Judge: U.S. Government Must Pay to Seize Property

As a follow-up to a recent story about border fences, a federal judge has ruled that the U.S. government must first try to negotiate a price with landowner Eloisa Tamez before seizing her property. Tamez, whose property lies within a planned construction area for the massive fence, considers the decision a victory.

MICHEL MARTIN, host:

I'm Michel Martin. This is TELL ME MORE from NPR News. We have some breaking news for you. Earlier this month, we discussed one aspect of the proposal to erect a fence along portions of the U.S.-Mexico border. While some call the fence essential to national security, some landowners are complaining that the federal government has failed to negotiate with them properly and would take land from them that, in some cases, has been in their families for centuries.

Those landowners have won a reprieve. A federal judge ruled last Friday that the Department of Homeland Security cannot seize the properly of Eloisa Tamez for the fence without negotiating to find a fair price. She owns three acres in El Calaboz, just outside Brownsville, Texas. That's in the path of the proposed fence. She's also a professor of nursing at the University of Texas at Brownsville. She joined us earlier to talk about her side of the dispute. She's back with us now to talk about the ruling. Welcome, professor. Thank you for talking to us.

Professor ELOISA TAMEZ (Nursing, University of Texas): Good morning, and thank you for having me.

MARTIN: How did you hear about the ruling? Were you in court?

Prof. TAMEZ: No, actually my lawyer, Peter Schey, contacted me by telephone that the - he had just been notified that the judge had made a decision.

MARTIN: As I understand it, the judge's ruling does not mean that you're in the clear, but it does mean that the judge took your side of the argument in that you'd complained on our program that you don't feel the Department of Homeland Security had adequately tried to negotiate with you for that.

Prof. TAMEZ: That's correct. That was one of the oppositions that we presented on February 7th, when we were - went to the hearing before Judge Andrew Hanen in Brownsville. And we said that Secretary Chertoff was not following the correct, the right law, and that, in fact, I had not been consulted. And therefore, if he were to follow the right law, which was the 2008 Appropriations Act, which indicated that Secretary Chertoff had to meet certain conditions before seizing the land, then that's what we charged, that he wasn't following that. So in that respect, Judge Hanen says that he is ordering that the secretary begin negotiations. I also have to be involved in cooperating with, you know, those negotiations.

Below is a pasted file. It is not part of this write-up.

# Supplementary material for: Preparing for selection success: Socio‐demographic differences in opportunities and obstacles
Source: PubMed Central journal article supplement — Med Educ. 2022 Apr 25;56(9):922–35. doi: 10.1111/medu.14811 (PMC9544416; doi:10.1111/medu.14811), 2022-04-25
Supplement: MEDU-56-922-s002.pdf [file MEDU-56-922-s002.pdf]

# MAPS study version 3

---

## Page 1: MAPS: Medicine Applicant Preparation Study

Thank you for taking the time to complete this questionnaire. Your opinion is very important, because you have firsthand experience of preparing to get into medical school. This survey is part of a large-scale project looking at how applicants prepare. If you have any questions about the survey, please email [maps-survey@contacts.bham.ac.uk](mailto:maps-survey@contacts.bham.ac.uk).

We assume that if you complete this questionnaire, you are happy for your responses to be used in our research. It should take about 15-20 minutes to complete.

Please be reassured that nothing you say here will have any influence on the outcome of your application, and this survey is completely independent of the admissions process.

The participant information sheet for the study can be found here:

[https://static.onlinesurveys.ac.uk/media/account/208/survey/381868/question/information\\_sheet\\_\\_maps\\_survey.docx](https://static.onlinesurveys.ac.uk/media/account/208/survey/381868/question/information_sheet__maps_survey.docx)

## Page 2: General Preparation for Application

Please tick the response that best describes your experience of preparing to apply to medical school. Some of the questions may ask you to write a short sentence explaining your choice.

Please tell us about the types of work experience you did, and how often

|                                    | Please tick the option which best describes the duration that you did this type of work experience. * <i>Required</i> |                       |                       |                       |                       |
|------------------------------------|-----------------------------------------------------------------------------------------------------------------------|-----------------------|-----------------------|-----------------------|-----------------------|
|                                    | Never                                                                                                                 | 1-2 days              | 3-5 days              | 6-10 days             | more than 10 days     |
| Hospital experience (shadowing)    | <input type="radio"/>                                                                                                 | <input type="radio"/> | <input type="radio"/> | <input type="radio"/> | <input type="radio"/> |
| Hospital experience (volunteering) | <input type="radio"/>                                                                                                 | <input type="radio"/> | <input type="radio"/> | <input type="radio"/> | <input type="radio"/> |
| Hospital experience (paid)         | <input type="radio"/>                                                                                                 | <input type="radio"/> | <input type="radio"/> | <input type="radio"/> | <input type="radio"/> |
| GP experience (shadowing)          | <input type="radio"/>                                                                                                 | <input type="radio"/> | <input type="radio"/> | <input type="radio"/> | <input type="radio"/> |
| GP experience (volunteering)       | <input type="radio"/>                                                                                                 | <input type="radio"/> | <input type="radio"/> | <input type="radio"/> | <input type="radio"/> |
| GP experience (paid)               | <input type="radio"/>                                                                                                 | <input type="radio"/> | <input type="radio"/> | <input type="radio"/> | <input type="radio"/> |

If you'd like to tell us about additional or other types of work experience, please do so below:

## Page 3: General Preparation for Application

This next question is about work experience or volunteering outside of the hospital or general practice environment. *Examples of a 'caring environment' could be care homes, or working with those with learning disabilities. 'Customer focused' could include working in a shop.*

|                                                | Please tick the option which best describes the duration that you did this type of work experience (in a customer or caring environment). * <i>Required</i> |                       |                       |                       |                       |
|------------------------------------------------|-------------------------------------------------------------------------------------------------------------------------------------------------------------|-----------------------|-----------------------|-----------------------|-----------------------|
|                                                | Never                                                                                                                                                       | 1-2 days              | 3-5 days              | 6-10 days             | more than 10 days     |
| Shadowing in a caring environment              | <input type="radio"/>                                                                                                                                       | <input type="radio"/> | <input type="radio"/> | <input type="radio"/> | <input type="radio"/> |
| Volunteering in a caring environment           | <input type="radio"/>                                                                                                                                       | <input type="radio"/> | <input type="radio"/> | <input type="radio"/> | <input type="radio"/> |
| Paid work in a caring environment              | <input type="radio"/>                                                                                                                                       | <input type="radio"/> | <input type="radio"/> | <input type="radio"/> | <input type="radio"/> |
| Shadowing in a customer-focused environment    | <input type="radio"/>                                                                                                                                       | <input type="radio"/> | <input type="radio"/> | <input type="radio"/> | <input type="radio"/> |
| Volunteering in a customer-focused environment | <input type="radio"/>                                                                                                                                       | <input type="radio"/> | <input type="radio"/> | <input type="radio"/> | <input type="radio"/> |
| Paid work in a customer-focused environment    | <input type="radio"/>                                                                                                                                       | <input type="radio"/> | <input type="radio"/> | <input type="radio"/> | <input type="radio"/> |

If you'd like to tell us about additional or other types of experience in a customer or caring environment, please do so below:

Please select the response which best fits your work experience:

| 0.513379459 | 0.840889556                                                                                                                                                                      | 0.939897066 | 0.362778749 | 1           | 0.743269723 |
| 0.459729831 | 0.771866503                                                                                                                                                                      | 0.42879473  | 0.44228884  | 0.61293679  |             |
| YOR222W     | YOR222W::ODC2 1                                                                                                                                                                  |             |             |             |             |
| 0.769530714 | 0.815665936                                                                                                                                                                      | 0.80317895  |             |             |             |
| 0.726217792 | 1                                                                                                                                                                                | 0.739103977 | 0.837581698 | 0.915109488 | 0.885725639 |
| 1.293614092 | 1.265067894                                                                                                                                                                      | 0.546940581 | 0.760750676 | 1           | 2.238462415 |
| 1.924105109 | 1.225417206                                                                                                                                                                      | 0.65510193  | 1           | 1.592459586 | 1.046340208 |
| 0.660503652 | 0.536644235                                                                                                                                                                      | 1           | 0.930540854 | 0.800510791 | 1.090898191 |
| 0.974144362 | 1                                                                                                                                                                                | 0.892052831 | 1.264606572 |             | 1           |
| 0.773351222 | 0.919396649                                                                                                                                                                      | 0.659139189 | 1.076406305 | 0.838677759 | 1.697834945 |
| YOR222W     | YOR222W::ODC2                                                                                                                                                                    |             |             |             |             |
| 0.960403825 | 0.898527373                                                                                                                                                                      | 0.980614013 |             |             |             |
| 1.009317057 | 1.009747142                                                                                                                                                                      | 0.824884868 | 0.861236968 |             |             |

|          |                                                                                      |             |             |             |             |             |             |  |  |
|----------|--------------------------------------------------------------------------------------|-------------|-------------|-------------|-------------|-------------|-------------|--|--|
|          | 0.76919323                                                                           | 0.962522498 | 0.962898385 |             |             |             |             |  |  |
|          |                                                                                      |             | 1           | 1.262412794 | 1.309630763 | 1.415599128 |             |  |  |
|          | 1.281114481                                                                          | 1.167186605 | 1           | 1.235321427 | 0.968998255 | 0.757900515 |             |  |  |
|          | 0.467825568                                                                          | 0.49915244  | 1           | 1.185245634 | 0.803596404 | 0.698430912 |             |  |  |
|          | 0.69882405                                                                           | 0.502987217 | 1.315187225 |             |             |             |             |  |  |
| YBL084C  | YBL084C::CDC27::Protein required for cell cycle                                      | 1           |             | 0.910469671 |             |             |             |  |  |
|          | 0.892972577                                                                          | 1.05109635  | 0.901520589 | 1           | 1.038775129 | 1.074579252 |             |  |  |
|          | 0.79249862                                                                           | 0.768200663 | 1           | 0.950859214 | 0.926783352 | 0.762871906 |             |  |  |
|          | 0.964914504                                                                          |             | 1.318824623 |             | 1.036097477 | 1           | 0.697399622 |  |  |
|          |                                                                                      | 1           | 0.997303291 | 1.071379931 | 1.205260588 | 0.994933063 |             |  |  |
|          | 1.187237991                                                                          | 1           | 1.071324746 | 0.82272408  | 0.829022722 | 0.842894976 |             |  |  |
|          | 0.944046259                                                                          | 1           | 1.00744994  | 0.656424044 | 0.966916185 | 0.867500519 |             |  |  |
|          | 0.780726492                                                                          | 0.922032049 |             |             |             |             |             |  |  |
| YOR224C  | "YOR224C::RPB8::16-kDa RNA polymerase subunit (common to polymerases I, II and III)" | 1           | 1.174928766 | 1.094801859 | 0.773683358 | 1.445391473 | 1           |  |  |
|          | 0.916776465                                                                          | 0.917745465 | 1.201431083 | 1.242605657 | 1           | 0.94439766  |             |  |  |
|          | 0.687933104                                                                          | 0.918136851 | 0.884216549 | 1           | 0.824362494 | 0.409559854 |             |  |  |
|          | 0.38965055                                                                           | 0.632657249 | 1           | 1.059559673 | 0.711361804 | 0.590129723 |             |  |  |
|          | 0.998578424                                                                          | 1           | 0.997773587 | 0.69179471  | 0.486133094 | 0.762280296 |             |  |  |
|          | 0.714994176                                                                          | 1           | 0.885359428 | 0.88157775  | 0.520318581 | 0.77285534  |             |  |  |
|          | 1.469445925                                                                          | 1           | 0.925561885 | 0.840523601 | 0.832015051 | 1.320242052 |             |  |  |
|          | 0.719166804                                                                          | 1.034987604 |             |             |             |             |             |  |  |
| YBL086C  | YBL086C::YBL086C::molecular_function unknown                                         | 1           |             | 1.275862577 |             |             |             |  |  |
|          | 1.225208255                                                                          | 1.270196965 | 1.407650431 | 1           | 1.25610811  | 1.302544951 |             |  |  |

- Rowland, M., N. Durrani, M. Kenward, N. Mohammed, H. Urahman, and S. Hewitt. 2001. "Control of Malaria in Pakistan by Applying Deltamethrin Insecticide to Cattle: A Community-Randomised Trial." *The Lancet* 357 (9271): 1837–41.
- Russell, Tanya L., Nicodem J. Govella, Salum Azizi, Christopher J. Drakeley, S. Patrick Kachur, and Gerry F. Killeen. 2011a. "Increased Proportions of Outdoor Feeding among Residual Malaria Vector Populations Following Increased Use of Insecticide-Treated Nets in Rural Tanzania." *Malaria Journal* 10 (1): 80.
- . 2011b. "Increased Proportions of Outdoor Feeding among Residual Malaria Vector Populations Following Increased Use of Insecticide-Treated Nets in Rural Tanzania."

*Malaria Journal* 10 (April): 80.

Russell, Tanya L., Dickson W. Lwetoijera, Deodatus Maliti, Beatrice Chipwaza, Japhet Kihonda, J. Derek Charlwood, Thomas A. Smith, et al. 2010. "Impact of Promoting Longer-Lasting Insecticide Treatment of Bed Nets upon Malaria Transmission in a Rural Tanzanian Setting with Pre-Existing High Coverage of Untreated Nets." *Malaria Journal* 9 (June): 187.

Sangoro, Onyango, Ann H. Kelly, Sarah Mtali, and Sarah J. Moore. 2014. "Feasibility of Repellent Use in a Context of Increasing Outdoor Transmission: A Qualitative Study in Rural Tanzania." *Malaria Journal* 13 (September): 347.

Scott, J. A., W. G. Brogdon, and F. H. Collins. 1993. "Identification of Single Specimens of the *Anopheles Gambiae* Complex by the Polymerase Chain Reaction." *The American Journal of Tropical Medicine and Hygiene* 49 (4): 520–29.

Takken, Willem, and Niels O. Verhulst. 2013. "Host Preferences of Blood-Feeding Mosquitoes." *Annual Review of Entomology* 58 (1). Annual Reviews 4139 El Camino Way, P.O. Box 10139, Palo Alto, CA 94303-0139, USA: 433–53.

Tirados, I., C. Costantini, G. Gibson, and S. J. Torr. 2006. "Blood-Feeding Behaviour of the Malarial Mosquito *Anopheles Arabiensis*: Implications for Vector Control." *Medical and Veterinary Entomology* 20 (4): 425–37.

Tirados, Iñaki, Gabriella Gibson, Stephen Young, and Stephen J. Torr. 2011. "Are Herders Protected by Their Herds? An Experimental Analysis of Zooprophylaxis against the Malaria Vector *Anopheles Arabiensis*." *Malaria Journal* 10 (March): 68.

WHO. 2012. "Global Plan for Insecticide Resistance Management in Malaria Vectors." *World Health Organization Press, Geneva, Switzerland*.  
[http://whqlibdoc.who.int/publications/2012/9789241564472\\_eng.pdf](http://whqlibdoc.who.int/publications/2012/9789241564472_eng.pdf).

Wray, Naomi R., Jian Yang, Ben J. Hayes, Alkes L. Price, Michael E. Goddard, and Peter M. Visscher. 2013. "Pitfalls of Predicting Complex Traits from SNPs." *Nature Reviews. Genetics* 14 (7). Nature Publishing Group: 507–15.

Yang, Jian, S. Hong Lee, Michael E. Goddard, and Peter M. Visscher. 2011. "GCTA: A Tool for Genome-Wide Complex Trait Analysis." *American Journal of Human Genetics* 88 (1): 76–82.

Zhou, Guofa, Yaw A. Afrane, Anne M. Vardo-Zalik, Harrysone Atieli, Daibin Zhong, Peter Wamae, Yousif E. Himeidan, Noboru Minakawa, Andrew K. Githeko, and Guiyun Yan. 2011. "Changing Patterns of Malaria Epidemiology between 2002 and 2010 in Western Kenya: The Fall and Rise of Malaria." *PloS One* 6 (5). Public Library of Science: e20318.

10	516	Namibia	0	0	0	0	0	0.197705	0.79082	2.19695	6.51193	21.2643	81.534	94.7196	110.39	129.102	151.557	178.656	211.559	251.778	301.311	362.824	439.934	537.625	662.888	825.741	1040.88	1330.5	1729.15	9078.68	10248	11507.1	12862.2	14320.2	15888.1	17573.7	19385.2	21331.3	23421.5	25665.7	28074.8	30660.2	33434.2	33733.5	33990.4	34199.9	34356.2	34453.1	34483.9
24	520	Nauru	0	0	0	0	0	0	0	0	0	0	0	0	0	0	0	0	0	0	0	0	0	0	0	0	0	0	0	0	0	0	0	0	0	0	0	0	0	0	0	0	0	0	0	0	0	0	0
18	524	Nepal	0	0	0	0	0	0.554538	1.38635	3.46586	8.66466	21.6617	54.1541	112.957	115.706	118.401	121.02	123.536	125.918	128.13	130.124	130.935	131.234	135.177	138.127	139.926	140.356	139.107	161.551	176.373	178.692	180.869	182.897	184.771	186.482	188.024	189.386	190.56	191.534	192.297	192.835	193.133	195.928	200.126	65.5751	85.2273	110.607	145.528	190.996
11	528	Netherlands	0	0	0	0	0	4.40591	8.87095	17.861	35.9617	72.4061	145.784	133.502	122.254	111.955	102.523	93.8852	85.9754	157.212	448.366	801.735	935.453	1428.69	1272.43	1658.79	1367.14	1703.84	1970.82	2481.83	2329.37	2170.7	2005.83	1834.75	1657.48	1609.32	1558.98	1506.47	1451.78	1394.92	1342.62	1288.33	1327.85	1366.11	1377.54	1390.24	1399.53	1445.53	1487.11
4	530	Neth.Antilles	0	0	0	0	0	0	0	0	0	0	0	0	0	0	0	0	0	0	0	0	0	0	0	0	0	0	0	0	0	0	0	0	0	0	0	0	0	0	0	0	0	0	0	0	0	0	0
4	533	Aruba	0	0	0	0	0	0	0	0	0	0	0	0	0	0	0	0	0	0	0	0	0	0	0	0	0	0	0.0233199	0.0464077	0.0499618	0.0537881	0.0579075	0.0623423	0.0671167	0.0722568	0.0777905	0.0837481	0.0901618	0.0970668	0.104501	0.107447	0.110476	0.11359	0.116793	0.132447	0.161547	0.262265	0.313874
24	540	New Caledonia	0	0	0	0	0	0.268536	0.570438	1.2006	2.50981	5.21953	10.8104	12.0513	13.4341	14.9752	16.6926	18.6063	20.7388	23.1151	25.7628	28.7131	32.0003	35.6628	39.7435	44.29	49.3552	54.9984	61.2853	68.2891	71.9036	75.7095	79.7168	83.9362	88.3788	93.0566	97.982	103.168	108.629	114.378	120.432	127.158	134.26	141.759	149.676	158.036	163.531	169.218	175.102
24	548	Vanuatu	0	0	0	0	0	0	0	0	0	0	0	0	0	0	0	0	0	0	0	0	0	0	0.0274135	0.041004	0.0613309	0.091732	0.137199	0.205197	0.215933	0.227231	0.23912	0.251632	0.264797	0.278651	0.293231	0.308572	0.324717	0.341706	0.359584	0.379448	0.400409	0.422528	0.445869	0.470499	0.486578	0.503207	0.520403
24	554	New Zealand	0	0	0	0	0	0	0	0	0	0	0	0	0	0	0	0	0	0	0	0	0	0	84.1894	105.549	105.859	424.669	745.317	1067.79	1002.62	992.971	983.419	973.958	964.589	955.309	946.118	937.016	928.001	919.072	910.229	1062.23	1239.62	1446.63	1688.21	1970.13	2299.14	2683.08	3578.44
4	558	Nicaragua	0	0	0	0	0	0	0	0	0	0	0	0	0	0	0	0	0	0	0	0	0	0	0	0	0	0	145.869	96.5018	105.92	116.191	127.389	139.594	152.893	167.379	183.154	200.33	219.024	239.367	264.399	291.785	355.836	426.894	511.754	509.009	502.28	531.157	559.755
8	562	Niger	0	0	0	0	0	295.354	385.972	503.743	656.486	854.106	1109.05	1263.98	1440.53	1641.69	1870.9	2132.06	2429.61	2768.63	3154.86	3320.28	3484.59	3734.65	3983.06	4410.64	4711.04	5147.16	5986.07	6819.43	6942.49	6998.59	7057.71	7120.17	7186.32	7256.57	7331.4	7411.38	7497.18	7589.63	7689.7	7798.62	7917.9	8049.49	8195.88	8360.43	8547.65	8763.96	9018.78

MARTIN: It's my understanding, though, just to remind our listeners, that this land has been in your family for centuries. But as I understand this ruling, it still means you will probably lose at least some of the land. It just means that the department has to now negotiate with you for it.

So have you resigned yourself to losing part of your land?

Prof. TAMEZ: I am not - I'm for enforcing the law, not breaking it, so I have no intentions of breaking the law. I'm an American citizen, and I'm a law-abiding citizen. I have no intention of breaking the law. The judge says I must meet with Homeland Security, and Peter Schey and I will certainly do that.

MARTIN: Well, keep us posted, please, if you would.

Prof. TAMEZ: I certainly will.

MARTIN: Professor…

Prof. TAMEZ: This is a good day for America, because we're finding out that the constitution works.

MARTIN: Okay. Professor Eloisa Tamez joined us from her home near Brownsville, Texas. Thank you so much for speaking with us.

Prof. TAMEZ: Okay, thank you.

Copyright © 2008 NPR. All rights reserved. Visit our website terms of use and permissions pages at www.npr.org for further information.

NPR transcripts are created on a rush deadline by a contractor for NPR, and accuracy and availability may vary. This text may not be in its final form and may be updated or revised in the future. Please be aware that the authoritative record of NPR’s programming is the audio.

Comments

 

Please keep your community civil. All comments must follow the NPR.org Community rules and terms of use, and will be moderated prior to posting. NPR reserves the right to use the comments we receive, in whole or in part, and to use the commenter's name and location, in any medium. See also the Terms of Use, Privacy Policy and Community FAQ.